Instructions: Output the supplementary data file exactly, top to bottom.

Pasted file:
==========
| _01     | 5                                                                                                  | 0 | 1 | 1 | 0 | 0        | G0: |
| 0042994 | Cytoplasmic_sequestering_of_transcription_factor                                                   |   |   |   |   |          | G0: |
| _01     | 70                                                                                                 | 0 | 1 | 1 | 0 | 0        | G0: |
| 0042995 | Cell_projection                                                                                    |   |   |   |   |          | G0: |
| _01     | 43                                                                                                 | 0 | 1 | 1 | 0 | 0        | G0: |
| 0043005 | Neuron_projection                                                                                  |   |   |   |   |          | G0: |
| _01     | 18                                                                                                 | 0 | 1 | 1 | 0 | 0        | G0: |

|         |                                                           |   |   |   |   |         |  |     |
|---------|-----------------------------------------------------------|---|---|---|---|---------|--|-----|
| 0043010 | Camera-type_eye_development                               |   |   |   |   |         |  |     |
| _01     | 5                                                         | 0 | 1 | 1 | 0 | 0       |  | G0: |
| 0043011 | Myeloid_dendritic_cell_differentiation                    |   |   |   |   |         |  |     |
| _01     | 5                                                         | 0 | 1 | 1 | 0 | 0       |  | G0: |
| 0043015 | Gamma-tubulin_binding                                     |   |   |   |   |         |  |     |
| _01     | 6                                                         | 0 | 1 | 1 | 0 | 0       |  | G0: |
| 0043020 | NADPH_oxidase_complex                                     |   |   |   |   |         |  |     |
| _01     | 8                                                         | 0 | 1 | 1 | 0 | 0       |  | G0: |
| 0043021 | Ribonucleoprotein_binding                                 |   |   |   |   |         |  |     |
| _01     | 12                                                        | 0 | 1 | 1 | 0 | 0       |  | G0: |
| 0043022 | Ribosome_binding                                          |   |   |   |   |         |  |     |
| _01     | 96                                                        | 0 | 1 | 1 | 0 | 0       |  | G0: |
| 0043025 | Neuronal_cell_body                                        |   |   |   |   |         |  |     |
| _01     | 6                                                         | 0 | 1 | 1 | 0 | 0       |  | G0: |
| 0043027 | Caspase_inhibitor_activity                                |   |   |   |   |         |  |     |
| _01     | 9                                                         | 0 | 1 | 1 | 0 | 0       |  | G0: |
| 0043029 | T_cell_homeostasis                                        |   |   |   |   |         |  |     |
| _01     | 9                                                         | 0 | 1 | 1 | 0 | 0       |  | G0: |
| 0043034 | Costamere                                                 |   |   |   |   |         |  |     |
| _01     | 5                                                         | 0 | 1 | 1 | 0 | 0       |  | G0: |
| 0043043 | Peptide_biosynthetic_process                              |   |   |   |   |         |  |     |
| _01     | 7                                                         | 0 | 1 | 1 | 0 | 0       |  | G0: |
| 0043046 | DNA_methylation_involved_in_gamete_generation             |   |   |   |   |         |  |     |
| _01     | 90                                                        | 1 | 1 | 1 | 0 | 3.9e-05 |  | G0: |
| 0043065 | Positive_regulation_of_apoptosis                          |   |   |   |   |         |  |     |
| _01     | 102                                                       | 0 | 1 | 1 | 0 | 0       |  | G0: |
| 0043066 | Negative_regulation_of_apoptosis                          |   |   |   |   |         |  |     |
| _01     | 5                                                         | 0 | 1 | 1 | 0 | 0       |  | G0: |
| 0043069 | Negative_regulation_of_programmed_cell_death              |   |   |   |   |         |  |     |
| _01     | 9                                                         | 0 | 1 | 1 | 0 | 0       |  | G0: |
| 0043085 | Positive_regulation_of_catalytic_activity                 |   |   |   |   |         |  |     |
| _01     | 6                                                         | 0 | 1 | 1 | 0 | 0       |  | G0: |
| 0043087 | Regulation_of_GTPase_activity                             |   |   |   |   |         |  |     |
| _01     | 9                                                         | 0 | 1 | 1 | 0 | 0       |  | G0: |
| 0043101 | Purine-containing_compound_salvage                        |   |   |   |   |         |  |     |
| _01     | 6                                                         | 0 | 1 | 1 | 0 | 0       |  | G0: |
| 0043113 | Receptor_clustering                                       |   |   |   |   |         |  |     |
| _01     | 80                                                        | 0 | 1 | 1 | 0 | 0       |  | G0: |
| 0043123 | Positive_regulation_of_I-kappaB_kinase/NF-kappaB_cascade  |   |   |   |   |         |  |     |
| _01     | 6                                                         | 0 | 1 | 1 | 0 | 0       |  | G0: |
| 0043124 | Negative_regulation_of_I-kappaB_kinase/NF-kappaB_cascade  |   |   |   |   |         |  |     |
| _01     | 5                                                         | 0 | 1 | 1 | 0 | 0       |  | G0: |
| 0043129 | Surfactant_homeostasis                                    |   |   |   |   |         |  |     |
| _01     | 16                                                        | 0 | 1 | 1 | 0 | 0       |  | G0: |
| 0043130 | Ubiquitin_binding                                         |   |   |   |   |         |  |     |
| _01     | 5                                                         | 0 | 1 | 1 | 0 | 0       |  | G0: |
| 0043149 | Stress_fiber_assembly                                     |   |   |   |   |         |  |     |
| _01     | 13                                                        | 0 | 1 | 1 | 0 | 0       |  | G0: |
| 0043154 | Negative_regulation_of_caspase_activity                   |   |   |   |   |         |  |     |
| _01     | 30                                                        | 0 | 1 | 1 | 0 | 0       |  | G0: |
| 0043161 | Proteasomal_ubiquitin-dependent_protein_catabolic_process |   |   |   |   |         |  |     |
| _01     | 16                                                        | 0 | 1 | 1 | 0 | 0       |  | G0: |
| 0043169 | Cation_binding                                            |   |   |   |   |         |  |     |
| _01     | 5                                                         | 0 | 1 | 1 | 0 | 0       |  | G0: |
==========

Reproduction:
| _01     | 5                                                                                                  | 0 | 1 | 1 | 0 | 0        | G0: |
| 0042994 | Cytoplasmic_sequestering_of_transcription_factor                                                   |   |   |   |   |          | G0: |
| _01     | 70                                                                                                 | 0 | 1 | 1 | 0 | 0        | G0: |
| 0042995 | Cell_projection                                                                                    |   |   |   |   |          | G0: |
| _01     | 43                                                                                                 | 0 | 1 | 1 | 0 | 0        | G0: |
| 0043005 | Neuron_projection                                                                                  |   |   |   |   |          | G0: |
| _01     | 18                                                                                                 | 0 | 1 | 1 | 0 | 0        | G0: |

|         |                                                           |   |   |   |   |         |  |     |
|---------|-----------------------------------------------------------|---|---|---|---|---------|--|-----|
| 0043010 | Camera-type_eye_development                               |   |   |   |   |         |  |     |
| _01     | 5                                                         | 0 | 1 | 1 | 0 | 0       |  | G0: |
| 0043011 | Myeloid_dendritic_cell_differentiation                    |   |   |   |   |         |  |     |
| _01     | 5                                                         | 0 | 1 | 1 | 0 | 0       |  | G0: |
| 0043015 | Gamma-tubulin_binding                                     |   |   |   |   |         |  |     |
| _01     | 6                                                         | 0 | 1 | 1 | 0 | 0       |  | G0: |
| 0043020 | NADPH_oxidase_complex                                     |   |   |   |   |         |  |     |
| _01     | 8                                                         | 0 | 1 | 1 | 0 | 0       |  | G0: |
| 0043021 | Ribonucleoprotein_binding                                 |   |   |   |   |         |  |     |
| _01     | 12                                                        | 0 | 1 | 1 | 0 | 0       |  | G0: |
| 0043022 | Ribosome_binding                                          |   |   |   |   |         |  |     |
| _01     | 96                                                        | 0 | 1 | 1 | 0 | 0       |  | G0: |
| 0043025 | Neuronal_cell_body                                        |   |   |   |   |         |  |     |
| _01     | 6                                                         | 0 | 1 | 1 | 0 | 0       |  | G0: |
| 0043027 | Caspase_inhibitor_activity                                |   |   |   |   |         |  |     |
| _01     | 9                                                         | 0 | 1 | 1 | 0 | 0       |  | G0: |
| 0043029 | T_cell_homeostasis                                        |   |   |   |   |         |  |     |
| _01     | 9                                                         | 0 | 1 | 1 | 0 | 0       |  | G0: |
| 0043034 | Costamere                                                 |   |   |   |   |         |  |     |
| _01     | 5                                                         | 0 | 1 | 1 | 0 | 0       |  | G0: |
| 0043043 | Peptide_biosynthetic_process                              |   |   |   |   |         |  |     |
| _01     | 7                                                         | 0 | 1 | 1 | 0 | 0       |  | G0: |
| 0043046 | DNA_methylation_involved_in_gamete_generation             |   |   |   |   |         |  |     |
| _01     | 90                                                        | 1 | 1 | 1 | 0 | 3.9e-05 |  | G0: |
| 0043065 | Positive_regulation_of_apoptosis                          |   |   |   |   |         |  |     |
| _01     | 102                                                       | 0 | 1 | 1 | 0 | 0       |  | G0: |
| 0043066 | Negative_regulation_of_apoptosis                          |   |   |   |   |         |  |     |
| _01     | 5                                                         | 0 | 1 | 1 | 0 | 0       |  | G0: |
| 0043069 | Negative_regulation_of_programmed_cell_death              |   |   |   |   |         |  |     |
| _01     | 9                                                         | 0 | 1 | 1 | 0 | 0       |  | G0: |
| 0043085 | Positive_regulation_of_catalytic_activity                 |   |   |   |   |         |  |     |
| _01     | 6                                                         | 0 | 1 | 1 | 0 | 0       |  | G0: |
| 0043087 | Regulation_of_GTPase_activity                             |   |   |   |   |         |  |     |
| _01     | 9                                                         | 0 | 1 | 1 | 0 | 0       |  | G0: |
| 0043101 | Purine-containing_compound_salvage                        |   |   |   |   |         |  |     |
| _01     | 6                                                         | 0 | 1 | 1 | 0 | 0       |  | G0: |
| 0043113 | Receptor_clustering                                       |   |   |   |   |         |  |     |
| _01     | 80                                                        | 0 | 1 | 1 | 0 | 0       |  | G0: |
| 0043123 | Positive_regulation_of_I-kappaB_kinase/NF-kappaB_cascade  |   |   |   |   |         |  |     |
| _01     | 6                                                         | 0 | 1 | 1 | 0 | 0       |  | G0: |
| 0043124 | Negative_regulation_of_I-kappaB_kinase/NF-kappaB_cascade  |   |   |   |   |         |  |     |
| _01     | 5                                                         | 0 | 1 | 1 | 0 | 0       |  | G0: |
| 0043129 | Surfactant_homeostasis                                    |   |   |   |   |         |  |     |
| _01     | 16                                                        | 0 | 1 | 1 | 0 | 0       |  | G0: |
| 0043130 | Ubiquitin_binding                                         |   |   |   |   |         |  |     |
| _01     | 5                                                         | 0 | 1 | 1 | 0 | 0       |  | G0: |
| 0043149 | Stress_fiber_assembly                                     |   |   |   |   |         |  |     |
| _01     | 13                                                        | 0 | 1 | 1 | 0 | 0       |  | G0: |
| 0043154 | Negative_regulation_of_caspase_activity                   |   |   |   |   |         |  |     |
| _01     | 30                                                        | 0 | 1 | 1 | 0 | 0       |  | G0: |
| 0043161 | Proteasomal_ubiquitin-dependent_protein_catabolic_process |   |   |   |   |         |  |     |
| _01     | 16                                                        | 0 | 1 | 1 | 0 | 0       |  | G0: |
| 0043169 | Cation_binding                                            |   |   |   |   |         |  |     |
| _01     | 5                                                         | 0 | 1 | 1 | 0 | 0       |  | G0: |